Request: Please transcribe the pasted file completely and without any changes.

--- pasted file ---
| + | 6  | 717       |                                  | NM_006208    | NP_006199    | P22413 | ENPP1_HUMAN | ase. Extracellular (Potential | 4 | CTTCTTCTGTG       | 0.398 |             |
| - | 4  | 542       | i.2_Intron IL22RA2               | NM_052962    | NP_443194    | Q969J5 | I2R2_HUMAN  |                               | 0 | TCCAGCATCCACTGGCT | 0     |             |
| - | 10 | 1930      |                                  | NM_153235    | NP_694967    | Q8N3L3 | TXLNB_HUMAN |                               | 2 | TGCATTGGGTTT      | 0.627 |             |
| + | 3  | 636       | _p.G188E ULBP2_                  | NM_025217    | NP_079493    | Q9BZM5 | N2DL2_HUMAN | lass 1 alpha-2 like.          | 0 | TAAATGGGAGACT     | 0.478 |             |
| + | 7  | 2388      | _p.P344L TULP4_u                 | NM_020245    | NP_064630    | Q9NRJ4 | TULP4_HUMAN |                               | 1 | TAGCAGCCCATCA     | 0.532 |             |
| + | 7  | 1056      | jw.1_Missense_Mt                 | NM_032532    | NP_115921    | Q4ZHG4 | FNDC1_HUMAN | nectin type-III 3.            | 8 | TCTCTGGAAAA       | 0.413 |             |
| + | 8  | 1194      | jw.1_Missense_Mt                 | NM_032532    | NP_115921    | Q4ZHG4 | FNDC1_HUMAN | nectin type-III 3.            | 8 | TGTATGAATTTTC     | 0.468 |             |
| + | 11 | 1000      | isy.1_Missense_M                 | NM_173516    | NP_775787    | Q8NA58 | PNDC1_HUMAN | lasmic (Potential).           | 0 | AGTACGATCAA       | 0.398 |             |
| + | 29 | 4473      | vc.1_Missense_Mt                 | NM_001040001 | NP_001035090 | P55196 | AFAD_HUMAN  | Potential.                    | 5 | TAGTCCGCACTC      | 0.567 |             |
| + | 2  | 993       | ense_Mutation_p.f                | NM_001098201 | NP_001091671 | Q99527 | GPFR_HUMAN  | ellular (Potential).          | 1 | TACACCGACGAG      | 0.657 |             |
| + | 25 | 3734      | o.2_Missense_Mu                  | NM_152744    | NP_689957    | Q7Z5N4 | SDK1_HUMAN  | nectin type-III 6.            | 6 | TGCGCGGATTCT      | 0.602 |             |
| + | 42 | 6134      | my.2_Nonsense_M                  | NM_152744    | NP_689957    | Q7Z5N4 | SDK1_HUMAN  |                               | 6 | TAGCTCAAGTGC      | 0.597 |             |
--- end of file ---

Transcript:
| + | 6  | 717       |                                  | NM_006208    | NP_006199    | P22413 | ENPP1_HUMAN | ase. Extracellular (Potential | 4 | CTTCTTCTGTG       | 0.398 |             |
| - | 4  | 542       | i.2_Intron IL22RA2               | NM_052962    | NP_443194    | Q969J5 | I2R2_HUMAN  |                               | 0 | TCCAGCATCCACTGGCT | 0     |             |
| - | 10 | 1930      |                                  | NM_153235    | NP_694967    | Q8N3L3 | TXLNB_HUMAN |                               | 2 | TGCATTGGGTTT      | 0.627 |             |
| + | 3  | 636       | _p.G188E ULBP2_                  | NM_025217    | NP_079493    | Q9BZM5 | N2DL2_HUMAN | lass 1 alpha-2 like.          | 0 | TAAATGGGAGACT     | 0.478 |             |
| + | 7  | 2388      | _p.P344L TULP4_u                 | NM_020245    | NP_064630    | Q9NRJ4 | TULP4_HUMAN |                               | 1 | TAGCAGCCCATCA     | 0.532 |             |
| + | 7  | 1056      | jw.1_Missense_Mt                 | NM_032532    | NP_115921    | Q4ZHG4 | FNDC1_HUMAN | nectin type-III 3.            | 8 | TCTCTGGAAAA       | 0.413 |             |
| + | 8  | 1194      | jw.1_Missense_Mt                 | NM_032532    | NP_115921    | Q4ZHG4 | FNDC1_HUMAN | nectin type-III 3.            | 8 | TGTATGAATTTTC     | 0.468 |             |
| + | 11 | 1000      | isy.1_Missense_M                 | NM_173516    | NP_775787    | Q8NA58 | PNDC1_HUMAN | lasmic (Potential).           | 0 | AGTACGATCAA       | 0.398 |             |
| + | 29 | 4473      | vc.1_Missense_Mt                 | NM_001040001 | NP_001035090 | P55196 | AFAD_HUMAN  | Potential.                    | 5 | TAGTCCGCACTC      | 0.567 |             |
| + | 2  | 993       | ense_Mutation_p.f                | NM_001098201 | NP_001091671 | Q99527 | GPFR_HUMAN  | ellular (Potential).          | 1 | TACACCGACGAG      | 0.657 |             |
| + | 25 | 3734      | o.2_Missense_Mu                  | NM_152744    | NP_689957    | Q7Z5N4 | SDK1_HUMAN  | nectin type-III 6.            | 6 | TGCGCGGATTCT      | 0.602 |             |
| + | 42 | 6134      | my.2_Nonsense_M                  | NM_152744    | NP_689957    | Q7Z5N4 | SDK1_HUMAN  |                               | 6 | TAGCTCAAGTGC      | 0.597 |             |